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For the Children's Hour by  Carolyn S. Bailey


 

 

THE FLAX

C. M. L. Adapted from Hans Christian Andersen.

[85] THE flax was in blossom; it had pretty little blue flowers, even more delicate than the moth's wings. The sun shone on it, the raindrops fell on it and moistened it, and it grew prettier every day.

"The people say that I look unusually well," said the Flax, "and that I am fine and long, and will make a good piece of linen. How well off I am! How the sunshine gladdens, and the rain refreshes one! I am the happiest of all beings."

"Yes, yes," said the fence post, "but you don't know the world; I do." And then he creaked out sadly:

"Snip, snap, snurre,

Bassellurre!

The song is done."

"No; it is not done," said the Flax. "To-morrow the sun will shine, or the rain will fall—it matters not to me. I feel that I am growing; I am sure that I am in blossom. I am the happiest of beings."

But one day some people came and roughly pulled up the Flax—pulled it up by the roots. Then it was laid in some water, as if they were going to drown it; and then they put it over the fire, as if they were [86] going to roast it. It was dreadful! "One cannot always have pleasant times. One must suffer some to know what life is," said the Flax.

But times grew worse. The Flax was moistened and roasted, and broken and hackled; and other things were done that it would not tell. Then it was put on the spinning-wheel—whirr! whirr! whirr! round and round, till it was quite dizzy.

"I have been very happy, even if I am not now," it thought, in all its pain. "One must be contented with the good one has enjoyed! Contented! Contented!" And it kept saying that until it was put into the loom and became a large, beautiful piece of linen. All the Flax, to the last stalk, was used in making one piece.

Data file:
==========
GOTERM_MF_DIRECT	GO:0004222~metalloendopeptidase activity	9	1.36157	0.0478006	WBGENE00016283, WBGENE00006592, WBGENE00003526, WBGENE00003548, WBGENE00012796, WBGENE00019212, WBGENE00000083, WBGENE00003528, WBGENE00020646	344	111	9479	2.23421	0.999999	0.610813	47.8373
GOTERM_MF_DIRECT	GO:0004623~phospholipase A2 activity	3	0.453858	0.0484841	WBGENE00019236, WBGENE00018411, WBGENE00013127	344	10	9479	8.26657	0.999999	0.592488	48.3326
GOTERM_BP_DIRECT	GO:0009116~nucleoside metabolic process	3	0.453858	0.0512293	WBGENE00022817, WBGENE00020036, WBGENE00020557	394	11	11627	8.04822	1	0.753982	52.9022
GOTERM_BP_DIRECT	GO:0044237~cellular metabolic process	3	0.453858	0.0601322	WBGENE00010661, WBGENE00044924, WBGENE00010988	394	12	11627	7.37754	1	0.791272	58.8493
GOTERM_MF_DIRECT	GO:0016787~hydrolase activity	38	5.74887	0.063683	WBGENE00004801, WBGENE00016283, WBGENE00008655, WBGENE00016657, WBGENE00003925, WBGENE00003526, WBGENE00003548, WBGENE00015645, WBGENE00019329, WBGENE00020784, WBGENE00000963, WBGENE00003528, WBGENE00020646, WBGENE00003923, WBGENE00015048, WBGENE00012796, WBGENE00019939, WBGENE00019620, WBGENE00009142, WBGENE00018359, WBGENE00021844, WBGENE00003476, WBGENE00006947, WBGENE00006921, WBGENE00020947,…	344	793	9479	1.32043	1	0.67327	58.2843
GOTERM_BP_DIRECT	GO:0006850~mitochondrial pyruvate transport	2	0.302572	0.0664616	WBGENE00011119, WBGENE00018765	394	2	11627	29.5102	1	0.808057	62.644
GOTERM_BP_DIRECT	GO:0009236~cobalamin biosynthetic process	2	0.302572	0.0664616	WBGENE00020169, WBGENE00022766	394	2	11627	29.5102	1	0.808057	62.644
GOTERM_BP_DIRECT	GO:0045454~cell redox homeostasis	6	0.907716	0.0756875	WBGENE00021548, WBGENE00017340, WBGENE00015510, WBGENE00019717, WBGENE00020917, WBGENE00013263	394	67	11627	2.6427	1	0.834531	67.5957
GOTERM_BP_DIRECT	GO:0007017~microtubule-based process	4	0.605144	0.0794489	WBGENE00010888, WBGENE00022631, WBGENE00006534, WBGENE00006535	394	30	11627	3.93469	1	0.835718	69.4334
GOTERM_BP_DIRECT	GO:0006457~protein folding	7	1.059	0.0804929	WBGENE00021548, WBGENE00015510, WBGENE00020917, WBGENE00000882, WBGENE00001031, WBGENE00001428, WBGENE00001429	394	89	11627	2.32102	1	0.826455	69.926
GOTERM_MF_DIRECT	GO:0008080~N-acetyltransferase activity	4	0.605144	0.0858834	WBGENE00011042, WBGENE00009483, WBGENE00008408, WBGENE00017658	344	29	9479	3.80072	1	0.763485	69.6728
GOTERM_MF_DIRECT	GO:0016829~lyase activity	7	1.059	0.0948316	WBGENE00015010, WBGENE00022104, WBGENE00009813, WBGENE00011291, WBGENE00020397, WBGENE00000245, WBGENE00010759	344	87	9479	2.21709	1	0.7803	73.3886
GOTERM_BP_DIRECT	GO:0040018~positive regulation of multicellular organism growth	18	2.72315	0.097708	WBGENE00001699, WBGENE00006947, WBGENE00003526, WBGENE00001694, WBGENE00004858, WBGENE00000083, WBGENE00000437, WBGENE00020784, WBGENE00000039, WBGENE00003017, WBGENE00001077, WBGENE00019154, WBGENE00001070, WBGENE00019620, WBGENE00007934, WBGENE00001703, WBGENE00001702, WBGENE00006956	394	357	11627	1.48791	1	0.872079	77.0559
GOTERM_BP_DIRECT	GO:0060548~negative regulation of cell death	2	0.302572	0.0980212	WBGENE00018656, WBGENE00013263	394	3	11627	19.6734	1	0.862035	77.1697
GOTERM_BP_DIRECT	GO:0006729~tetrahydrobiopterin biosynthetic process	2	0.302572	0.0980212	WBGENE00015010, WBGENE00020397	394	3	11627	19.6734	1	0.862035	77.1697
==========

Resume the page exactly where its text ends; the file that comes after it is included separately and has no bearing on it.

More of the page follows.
"How remarkable this is!" said the Flax. "I could not have believed it. The fence post was wrong when he said:

'The song is done.'

"The song is not done by any means. Now it is beginning in earnest. If I have suffered, I have been made into something! How strong and fine I am, and how white! This is much better than being a plant. Now I am cared for; the maid turns me over every morning, and I get a shower bath every evening from the watering pot. Even the clergyman's wife says I am the best piece of linen in the whole parish. I cannot be happier."

One day the linen was taken into the house and put under the scissors. How it was cut and torn, and then pricked with needles! That was not pleasant; but twelve garments were made of it—a whole dozen!

"Just think," it said; "now something has really been made of me! I shall be of some use in the world!"

[87] Years passed away, and now the garments were old and worn—they could not hold together any longer.

"It must be over, some day," said one piece. "I would gladly have held together a little longer, but I know that we cannot last always."

They were now torn into pieces. They thought they were to be thrown away, but they were ground into shreds, and softened and boiled; and even they, themselves, did not know all that was done to them. But at last they became beautiful white paper!

"Now, what a surprise this is!" said the paper. "I am even finer than before! How fortune favors me! I shall be taken to the printer."

And really the most beautiful stories and verses were printed upon it. The people read what was on the paper, and became wiser and better.

"This is more than I ever imagined when I was bearing little blue flowers in the fields. How could I know that I should spread joy among men? Each time I have been promoted from one pleasure and honor to another. Each time, when I thought the song was done, it began again in a higher and better way."


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